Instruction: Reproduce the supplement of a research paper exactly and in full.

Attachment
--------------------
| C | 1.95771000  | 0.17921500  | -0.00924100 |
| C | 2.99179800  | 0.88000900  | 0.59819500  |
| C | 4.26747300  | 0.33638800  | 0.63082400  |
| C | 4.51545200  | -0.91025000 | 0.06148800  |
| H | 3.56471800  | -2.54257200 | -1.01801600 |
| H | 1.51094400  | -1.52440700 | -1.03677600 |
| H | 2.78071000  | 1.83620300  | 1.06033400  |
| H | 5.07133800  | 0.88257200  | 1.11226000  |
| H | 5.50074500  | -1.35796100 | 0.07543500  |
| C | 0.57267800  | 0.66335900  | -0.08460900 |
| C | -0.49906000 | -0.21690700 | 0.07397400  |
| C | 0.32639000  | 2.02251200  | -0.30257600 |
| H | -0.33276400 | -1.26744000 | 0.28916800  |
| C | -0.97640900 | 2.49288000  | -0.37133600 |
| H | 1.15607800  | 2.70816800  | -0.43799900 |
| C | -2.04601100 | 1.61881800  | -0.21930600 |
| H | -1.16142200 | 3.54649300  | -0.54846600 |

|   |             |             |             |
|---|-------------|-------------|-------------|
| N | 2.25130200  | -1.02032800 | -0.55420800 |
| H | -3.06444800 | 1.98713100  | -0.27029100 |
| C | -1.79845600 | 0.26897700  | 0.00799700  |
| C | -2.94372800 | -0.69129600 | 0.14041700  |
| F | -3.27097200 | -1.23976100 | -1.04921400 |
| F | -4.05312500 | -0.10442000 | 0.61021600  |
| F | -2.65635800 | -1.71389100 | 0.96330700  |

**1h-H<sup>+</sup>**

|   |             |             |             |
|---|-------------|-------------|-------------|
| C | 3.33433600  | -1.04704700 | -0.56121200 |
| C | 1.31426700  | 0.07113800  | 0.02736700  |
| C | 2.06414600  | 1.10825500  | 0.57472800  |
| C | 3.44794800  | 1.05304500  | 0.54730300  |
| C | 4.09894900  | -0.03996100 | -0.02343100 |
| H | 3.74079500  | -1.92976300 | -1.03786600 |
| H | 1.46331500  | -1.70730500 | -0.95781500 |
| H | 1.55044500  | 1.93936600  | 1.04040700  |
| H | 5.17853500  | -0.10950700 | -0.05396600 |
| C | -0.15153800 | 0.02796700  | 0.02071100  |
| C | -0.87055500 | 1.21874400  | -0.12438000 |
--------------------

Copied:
| C | 1.95771000  | 0.17921500  | -0.00924100 |
| C | 2.99179800  | 0.88000900  | 0.59819500  |
| C | 4.26747300  | 0.33638800  | 0.63082400  |
| C | 4.51545200  | -0.91025000 | 0.06148800  |
| H | 3.56471800  | -2.54257200 | -1.01801600 |
| H | 1.51094400  | -1.52440700 | -1.03677600 |
| H | 2.78071000  | 1.83620300  | 1.06033400  |
| H | 5.07133800  | 0.88257200  | 1.11226000  |
| H | 5.50074500  | -1.35796100 | 0.07543500  |
| C | 0.57267800  | 0.66335900  | -0.08460900 |
| C | -0.49906000 | -0.21690700 | 0.07397400  |
| C | 0.32639000  | 2.02251200  | -0.30257600 |
| H | -0.33276400 | -1.26744000 | 0.28916800  |
| C | -0.97640900 | 2.49288000  | -0.37133600 |
| H | 1.15607800  | 2.70816800  | -0.43799900 |
| C | -2.04601100 | 1.61881800  | -0.21930600 |
| H | -1.16142200 | 3.54649300  | -0.54846600 |

|   |             |             |             |
|---|-------------|-------------|-------------|
| N | 2.25130200  | -1.02032800 | -0.55420800 |
| H | -3.06444800 | 1.98713100  | -0.27029100 |
| C | -1.79845600 | 0.26897700  | 0.00799700  |
| C | -2.94372800 | -0.69129600 | 0.14041700  |
| F | -3.27097200 | -1.23976100 | -1.04921400 |
| F | -4.05312500 | -0.10442000 | 0.61021600  |
| F | -2.65635800 | -1.71389100 | 0.96330700  |

**1h-H<sup>+</sup>**

|   |             |             |             |
|---|-------------|-------------|-------------|
| C | 3.33433600  | -1.04704700 | -0.56121200 |
| C | 1.31426700  | 0.07113800  | 0.02736700  |
| C | 2.06414600  | 1.10825500  | 0.57472800  |
| C | 3.44794800  | 1.05304500  | 0.54730300  |
| C | 4.09894900  | -0.03996100 | -0.02343100 |
| H | 3.74079500  | -1.92976300 | -1.03786600 |
| H | 1.46331500  | -1.70730500 | -0.95781500 |
| H | 1.55044500  | 1.93936600  | 1.04040700  |
| H | 5.17853500  | -0.10950700 | -0.05396600 |
| C | -0.15153800 | 0.02796700  | 0.02071100  |
| C | -0.87055500 | 1.21874400  | -0.12438000 |